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Atheism, Christianity, Politics

Rick Perry’s Day of Prayer: Reflections

Texas Governor and presidential hopeful Rick Perry’s “Day of Prayer” has come and gone.  Pundits the world over are opining, and both sides are claiming both moral and empirical victories.  For Fundamentalist Christians, the event marks the potential ascension of yet another evangelical Texan to the White House.  For non-believers and religious accommodationists, it is an unthinkable intrusion of faith into the public sphere.

There were troubling omens.  Perry has apparently fully embraced the American Family Association, which is fast becoming America’s most powerful hate group.  The AFA donated over $1 million to the event.

MegaPastor John Hagee took the opportunity to compare the current political climate to the Civil War.  “We pray for our governor Rick Perry who has had the courage today to call this time of fasting and prayer just as Abraham Lincoln did in the darkest days of the civil war.”  (LINK)

On the other hand, there were signs that the support base for this kind of religious pandering may not be as broad as the governor hopes.  Despite being held in the nation’s fourth largest city, in the heart of the Fundamentalist South, the event managed to fill less than half of Reliant Stadium.  Between a lawsuit, protests outside the stadium, and planes flying atheist banners in the vicinity, there was substantial resistance.  Many church groups registered their objections as well.  (Thanks so much, Moderate Christians, for finally doing something visible to oppose these tyrants!)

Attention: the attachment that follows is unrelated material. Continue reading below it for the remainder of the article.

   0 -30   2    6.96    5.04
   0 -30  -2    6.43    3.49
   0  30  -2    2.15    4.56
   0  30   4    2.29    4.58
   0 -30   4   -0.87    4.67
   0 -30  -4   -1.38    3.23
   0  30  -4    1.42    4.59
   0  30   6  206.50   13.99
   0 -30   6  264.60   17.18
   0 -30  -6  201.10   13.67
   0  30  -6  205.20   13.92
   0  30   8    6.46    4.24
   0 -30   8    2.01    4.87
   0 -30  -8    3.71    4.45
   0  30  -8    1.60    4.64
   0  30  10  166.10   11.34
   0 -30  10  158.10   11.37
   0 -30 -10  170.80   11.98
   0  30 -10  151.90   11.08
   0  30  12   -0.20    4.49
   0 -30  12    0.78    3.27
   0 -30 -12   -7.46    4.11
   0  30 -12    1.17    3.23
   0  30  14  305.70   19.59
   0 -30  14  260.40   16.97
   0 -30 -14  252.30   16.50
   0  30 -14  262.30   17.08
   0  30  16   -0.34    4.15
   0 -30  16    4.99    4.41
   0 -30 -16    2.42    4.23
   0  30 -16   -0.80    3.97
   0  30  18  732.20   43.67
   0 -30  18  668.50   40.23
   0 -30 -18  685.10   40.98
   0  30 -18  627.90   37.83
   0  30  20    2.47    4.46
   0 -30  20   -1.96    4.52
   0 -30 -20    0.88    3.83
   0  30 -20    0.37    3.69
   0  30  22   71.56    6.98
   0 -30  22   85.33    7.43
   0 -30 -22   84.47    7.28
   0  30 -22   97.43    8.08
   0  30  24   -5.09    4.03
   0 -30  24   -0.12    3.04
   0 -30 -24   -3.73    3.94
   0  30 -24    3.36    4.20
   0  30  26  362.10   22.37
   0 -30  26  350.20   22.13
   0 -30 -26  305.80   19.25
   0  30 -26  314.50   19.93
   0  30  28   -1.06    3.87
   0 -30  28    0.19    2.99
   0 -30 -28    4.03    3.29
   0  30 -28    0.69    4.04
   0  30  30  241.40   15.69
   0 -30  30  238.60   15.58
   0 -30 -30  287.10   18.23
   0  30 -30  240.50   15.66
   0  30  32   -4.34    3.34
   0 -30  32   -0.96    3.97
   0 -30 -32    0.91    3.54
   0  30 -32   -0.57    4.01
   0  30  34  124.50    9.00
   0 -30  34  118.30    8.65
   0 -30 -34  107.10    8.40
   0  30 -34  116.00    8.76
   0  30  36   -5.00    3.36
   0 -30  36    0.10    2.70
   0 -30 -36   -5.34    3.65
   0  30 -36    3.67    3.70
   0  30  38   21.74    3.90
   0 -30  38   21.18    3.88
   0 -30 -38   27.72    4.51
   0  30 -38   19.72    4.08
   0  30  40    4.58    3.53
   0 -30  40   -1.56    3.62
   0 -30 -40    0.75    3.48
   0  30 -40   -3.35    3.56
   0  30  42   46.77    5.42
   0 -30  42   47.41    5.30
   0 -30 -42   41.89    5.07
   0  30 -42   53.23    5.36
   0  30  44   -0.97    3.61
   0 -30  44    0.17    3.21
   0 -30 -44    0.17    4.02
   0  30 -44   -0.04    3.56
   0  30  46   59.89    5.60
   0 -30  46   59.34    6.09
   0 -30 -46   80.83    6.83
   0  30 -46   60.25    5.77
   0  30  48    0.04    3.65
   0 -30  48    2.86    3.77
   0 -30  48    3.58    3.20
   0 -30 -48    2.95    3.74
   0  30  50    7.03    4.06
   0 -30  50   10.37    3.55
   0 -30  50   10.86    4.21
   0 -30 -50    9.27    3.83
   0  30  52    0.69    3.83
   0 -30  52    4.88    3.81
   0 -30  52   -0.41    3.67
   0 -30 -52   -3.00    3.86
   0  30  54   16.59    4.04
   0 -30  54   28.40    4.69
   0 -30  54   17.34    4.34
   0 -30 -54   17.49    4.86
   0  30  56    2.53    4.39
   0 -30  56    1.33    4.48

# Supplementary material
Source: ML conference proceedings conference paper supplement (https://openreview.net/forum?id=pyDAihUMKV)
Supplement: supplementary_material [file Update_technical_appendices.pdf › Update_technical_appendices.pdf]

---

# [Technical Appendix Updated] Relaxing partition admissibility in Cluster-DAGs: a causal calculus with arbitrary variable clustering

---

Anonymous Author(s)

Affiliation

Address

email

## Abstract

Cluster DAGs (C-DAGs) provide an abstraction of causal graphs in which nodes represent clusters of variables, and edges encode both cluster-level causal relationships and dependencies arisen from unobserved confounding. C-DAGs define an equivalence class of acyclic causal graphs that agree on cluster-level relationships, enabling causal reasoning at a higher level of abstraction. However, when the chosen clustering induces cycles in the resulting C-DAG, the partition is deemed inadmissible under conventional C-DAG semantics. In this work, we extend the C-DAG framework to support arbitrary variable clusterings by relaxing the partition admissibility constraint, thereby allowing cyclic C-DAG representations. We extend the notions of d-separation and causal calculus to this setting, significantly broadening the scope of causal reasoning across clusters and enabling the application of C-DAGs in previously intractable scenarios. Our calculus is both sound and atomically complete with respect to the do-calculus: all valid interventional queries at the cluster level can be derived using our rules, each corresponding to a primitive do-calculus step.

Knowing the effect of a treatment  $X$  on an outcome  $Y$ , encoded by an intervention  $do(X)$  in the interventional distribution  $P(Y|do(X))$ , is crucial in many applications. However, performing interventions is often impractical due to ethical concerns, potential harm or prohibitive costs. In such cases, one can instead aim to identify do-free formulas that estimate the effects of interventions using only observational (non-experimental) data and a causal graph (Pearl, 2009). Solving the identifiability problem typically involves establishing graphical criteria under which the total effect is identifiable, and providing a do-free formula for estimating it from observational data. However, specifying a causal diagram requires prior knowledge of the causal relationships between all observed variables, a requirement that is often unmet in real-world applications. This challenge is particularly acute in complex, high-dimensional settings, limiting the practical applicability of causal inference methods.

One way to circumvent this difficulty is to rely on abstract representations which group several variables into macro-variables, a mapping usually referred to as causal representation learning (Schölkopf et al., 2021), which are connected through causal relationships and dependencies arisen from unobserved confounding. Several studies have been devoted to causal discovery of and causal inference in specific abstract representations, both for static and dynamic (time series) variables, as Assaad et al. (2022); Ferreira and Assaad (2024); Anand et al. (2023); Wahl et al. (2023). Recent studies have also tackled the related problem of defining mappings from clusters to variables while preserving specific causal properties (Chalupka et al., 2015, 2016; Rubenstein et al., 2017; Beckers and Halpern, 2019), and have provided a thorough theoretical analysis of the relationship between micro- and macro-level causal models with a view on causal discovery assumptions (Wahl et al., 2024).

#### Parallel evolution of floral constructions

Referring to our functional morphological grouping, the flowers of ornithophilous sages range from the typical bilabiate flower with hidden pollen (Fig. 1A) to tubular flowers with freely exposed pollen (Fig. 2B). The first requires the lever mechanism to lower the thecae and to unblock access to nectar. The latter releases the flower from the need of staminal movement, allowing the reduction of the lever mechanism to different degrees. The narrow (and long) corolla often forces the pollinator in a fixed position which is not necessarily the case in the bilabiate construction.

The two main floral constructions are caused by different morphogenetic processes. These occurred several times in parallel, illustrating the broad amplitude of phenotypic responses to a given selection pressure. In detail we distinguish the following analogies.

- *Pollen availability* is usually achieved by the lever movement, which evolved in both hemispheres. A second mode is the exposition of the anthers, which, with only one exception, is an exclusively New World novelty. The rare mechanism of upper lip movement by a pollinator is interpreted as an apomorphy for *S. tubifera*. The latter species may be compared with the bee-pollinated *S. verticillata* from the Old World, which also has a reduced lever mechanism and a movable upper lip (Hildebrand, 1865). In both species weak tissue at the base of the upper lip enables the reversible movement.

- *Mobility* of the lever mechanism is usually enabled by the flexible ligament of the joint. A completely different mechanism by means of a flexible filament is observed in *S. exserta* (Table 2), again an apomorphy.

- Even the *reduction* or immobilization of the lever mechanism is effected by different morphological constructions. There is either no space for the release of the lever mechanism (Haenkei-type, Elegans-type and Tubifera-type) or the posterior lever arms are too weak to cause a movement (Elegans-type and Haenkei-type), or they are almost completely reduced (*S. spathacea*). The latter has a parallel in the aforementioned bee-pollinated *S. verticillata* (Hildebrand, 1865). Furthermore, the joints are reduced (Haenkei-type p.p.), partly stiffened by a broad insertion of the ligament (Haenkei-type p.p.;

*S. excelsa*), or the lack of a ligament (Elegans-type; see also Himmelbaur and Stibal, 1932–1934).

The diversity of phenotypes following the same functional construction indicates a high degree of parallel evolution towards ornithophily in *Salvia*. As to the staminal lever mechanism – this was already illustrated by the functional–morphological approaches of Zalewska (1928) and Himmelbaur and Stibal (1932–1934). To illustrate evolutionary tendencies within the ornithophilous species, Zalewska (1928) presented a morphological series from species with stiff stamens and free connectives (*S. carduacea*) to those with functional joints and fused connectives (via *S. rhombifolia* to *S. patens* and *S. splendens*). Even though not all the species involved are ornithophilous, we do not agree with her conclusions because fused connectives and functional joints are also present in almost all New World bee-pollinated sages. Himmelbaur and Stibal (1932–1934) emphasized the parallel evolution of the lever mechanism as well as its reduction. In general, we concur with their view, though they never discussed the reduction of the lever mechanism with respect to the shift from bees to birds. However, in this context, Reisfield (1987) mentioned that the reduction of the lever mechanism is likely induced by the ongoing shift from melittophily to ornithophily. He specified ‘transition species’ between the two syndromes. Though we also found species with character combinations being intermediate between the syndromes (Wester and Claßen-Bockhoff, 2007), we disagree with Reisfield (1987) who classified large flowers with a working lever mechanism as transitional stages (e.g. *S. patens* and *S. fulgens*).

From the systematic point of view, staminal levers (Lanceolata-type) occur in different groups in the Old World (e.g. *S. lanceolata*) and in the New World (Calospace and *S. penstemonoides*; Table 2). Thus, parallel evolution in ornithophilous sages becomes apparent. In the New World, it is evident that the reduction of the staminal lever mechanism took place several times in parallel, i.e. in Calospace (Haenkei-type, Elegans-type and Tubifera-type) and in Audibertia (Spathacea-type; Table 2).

Throughout the leadup to this event, the lion’s share of criticism has been geared towards the violation of church and state.  And this issue is surely important — critical, if we are to preserve the very foundation of America’s birth pangs.  However, there’s an element to this that ought to hit home for everyone, regardless of political party, and regardless of religious belief: